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Old July 19, 2011, 03:42 PM   #1
boostnbuds
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Join Date: July 19, 2011
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info on 1919 ithaca flues

Any info I can get about it would be great. I just got it from my wifes grandfather and it was his fathers. The serial num says its a 1919 flues model. Its a 16 guage and has some rather cool engravings going on, so its not field grade. It is all original and matching and everything works including the safety. It is a bit tarnished and the barrel has some light rust and minor pitting clean bores.

Can anyone estimate its value? More importantly, how do I go about cleaning this thing up properly without hurting it. I dont intend to sell but I'd like to shine her up.

I had posted this in the shotgun forum, but this seems more appropriate. For some reason I cant repost the pics but heres a link to my other post with the pics. http://thefiringline.com/forums/showthread.php?t=457308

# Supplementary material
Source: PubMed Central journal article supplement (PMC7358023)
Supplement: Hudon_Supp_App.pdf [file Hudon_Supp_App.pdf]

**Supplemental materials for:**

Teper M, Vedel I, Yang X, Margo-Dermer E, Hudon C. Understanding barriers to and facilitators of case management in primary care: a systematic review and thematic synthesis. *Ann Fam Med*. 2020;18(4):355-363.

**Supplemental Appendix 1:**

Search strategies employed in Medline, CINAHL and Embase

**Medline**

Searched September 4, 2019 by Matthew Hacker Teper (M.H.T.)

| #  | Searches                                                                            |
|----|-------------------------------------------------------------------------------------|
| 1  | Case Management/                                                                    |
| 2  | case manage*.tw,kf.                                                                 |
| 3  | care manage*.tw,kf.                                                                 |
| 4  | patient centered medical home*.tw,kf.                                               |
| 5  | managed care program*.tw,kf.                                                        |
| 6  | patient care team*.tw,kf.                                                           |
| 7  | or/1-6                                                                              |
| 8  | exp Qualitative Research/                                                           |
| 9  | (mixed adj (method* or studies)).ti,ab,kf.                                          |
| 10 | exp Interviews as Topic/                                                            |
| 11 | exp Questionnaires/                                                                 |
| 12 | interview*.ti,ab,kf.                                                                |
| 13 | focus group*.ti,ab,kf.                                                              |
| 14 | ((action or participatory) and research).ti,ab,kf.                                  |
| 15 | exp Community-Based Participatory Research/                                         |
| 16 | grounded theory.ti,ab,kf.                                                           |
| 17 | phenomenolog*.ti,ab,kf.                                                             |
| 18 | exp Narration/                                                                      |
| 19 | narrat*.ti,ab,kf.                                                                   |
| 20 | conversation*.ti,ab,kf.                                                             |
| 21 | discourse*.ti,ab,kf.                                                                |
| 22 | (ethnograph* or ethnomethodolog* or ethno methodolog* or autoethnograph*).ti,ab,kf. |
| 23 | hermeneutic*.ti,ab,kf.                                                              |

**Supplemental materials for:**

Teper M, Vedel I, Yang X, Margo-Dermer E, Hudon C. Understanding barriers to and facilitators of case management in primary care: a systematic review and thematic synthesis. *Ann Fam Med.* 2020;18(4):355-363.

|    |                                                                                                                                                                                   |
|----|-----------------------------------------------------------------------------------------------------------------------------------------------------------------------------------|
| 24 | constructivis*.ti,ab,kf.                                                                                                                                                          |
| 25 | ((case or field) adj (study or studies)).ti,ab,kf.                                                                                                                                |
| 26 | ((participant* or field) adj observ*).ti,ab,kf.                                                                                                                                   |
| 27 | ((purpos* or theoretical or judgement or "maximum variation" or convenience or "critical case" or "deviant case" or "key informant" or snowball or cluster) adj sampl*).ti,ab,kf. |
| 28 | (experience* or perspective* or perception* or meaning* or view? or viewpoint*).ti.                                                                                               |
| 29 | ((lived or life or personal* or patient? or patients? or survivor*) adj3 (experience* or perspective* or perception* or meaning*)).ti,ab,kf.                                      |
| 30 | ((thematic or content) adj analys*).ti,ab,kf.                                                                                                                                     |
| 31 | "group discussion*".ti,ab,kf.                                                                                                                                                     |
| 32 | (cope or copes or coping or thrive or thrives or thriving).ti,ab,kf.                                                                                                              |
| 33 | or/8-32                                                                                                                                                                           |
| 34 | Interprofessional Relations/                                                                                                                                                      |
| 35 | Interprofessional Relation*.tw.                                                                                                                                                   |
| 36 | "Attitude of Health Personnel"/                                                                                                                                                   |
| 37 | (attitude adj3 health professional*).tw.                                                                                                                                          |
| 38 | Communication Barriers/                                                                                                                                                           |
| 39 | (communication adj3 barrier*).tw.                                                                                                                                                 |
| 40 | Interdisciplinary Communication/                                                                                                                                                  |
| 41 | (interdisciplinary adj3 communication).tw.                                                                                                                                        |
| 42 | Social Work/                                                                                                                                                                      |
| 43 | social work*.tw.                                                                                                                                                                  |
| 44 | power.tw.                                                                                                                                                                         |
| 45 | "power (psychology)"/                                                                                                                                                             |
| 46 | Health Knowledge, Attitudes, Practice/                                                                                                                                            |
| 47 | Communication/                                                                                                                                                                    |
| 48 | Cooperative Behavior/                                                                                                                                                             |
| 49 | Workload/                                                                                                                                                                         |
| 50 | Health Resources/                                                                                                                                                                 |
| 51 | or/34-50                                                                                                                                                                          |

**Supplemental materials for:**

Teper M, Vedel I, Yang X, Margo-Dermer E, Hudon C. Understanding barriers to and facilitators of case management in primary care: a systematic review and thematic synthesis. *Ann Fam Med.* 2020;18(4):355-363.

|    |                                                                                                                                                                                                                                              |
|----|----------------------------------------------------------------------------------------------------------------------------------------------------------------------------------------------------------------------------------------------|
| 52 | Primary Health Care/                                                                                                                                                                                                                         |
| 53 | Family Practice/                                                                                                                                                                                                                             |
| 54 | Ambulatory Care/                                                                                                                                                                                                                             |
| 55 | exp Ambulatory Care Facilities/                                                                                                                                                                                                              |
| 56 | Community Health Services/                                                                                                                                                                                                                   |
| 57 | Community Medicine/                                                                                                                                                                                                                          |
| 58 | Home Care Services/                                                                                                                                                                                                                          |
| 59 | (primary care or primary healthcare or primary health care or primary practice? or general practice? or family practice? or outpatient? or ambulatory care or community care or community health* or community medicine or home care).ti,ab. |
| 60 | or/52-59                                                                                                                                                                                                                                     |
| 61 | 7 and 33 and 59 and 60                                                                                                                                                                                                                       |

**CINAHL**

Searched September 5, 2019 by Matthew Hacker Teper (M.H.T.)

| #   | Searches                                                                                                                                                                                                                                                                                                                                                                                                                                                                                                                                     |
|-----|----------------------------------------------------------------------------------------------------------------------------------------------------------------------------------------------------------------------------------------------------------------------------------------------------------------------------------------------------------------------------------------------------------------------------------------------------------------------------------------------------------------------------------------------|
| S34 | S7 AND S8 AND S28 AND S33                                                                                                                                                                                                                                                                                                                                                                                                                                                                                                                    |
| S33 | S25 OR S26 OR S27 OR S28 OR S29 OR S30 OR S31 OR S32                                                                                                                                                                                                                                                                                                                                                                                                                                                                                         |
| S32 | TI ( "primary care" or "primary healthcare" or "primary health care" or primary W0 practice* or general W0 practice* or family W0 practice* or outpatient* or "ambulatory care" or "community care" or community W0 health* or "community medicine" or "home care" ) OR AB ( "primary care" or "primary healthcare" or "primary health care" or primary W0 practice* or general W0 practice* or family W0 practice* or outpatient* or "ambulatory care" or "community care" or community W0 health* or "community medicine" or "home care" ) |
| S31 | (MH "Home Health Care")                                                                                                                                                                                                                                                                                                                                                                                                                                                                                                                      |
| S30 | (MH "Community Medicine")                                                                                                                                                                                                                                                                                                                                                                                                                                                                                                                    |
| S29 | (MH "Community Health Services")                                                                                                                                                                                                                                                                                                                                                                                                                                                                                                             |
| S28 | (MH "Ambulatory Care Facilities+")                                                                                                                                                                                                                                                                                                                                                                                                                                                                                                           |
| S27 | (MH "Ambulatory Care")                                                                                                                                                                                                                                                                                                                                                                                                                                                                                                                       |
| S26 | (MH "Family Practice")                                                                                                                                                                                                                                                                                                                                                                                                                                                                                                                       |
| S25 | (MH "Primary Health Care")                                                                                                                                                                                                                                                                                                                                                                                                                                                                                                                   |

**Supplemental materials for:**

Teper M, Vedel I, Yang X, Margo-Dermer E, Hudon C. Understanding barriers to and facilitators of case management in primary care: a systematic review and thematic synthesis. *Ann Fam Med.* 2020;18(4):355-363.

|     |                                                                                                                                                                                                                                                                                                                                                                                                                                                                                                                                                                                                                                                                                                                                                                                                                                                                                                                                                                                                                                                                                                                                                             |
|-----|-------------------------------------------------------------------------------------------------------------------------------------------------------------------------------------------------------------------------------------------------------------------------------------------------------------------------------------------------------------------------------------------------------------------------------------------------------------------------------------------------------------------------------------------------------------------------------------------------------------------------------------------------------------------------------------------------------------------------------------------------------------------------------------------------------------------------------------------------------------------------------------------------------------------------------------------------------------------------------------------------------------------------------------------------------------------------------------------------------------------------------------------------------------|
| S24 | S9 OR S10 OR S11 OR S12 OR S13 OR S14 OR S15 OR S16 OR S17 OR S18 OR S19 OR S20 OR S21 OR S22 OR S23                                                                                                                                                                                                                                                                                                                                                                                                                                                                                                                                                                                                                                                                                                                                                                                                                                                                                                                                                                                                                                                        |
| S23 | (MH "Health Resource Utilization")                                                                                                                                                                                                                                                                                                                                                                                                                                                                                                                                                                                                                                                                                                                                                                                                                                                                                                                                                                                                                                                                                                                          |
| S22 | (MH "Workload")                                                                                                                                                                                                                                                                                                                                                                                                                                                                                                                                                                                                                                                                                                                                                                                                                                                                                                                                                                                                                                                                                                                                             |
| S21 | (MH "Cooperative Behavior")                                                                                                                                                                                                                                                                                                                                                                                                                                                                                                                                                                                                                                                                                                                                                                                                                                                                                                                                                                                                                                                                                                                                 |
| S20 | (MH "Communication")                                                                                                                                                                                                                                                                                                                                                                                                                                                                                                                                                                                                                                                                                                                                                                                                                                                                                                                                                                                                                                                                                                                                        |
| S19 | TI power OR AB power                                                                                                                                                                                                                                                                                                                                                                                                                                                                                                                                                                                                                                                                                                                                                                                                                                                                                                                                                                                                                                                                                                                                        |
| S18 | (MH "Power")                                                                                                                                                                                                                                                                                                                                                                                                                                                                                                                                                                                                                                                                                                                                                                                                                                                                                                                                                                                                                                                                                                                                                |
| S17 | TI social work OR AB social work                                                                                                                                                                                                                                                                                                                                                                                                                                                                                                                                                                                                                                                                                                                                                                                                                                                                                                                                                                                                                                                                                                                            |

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Old July 19, 2011, 04:52 PM   #2
James K
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The Flues model was named for the designer, Emil Flues, who worked for Ithaca from 1906 to about 1917. Before that he was an independent gun maker in Bay City, Michigan. The Flues guns were light weight and there are reports of them suffering damage with high power shells. AFAIK all those guns were late enough to have solid steel barrels, not Damascus.

A Google search on "Ithaca Flues" will provide more information than I can give here, including some sales with values.

As to cleaning, I would use brass or bronze (not steel) wool and oil to remove the light outside rust. Try to go easy on "patina"; some collectors like to see it, some don't but removing it is a one way process. A regular bronze bore brush and a good gun cleaner should be enough for the inside of the barrels.

Jim
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Old July 20, 2011, 02:57 AM   #3
HiBC
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I suggest you get some snap caps for it .These are dummy rounds that cushion the firing pins when you drop the hammers.It is best to not store them cocked.It is also not real good to drop the hammers with no snap cap.Galazan might be a supplier you would enjoy browsing.
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Old July 20, 2011, 01:05 PM   #4
PetahW
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I would suggest treating both metal & wood surfaces, especially the wood, with Howard's Feed 'N Wax (available at most home improvement and/or furniture stores), following the directions on the bottle.



http://www.howardproducts.com/feednwax.htm

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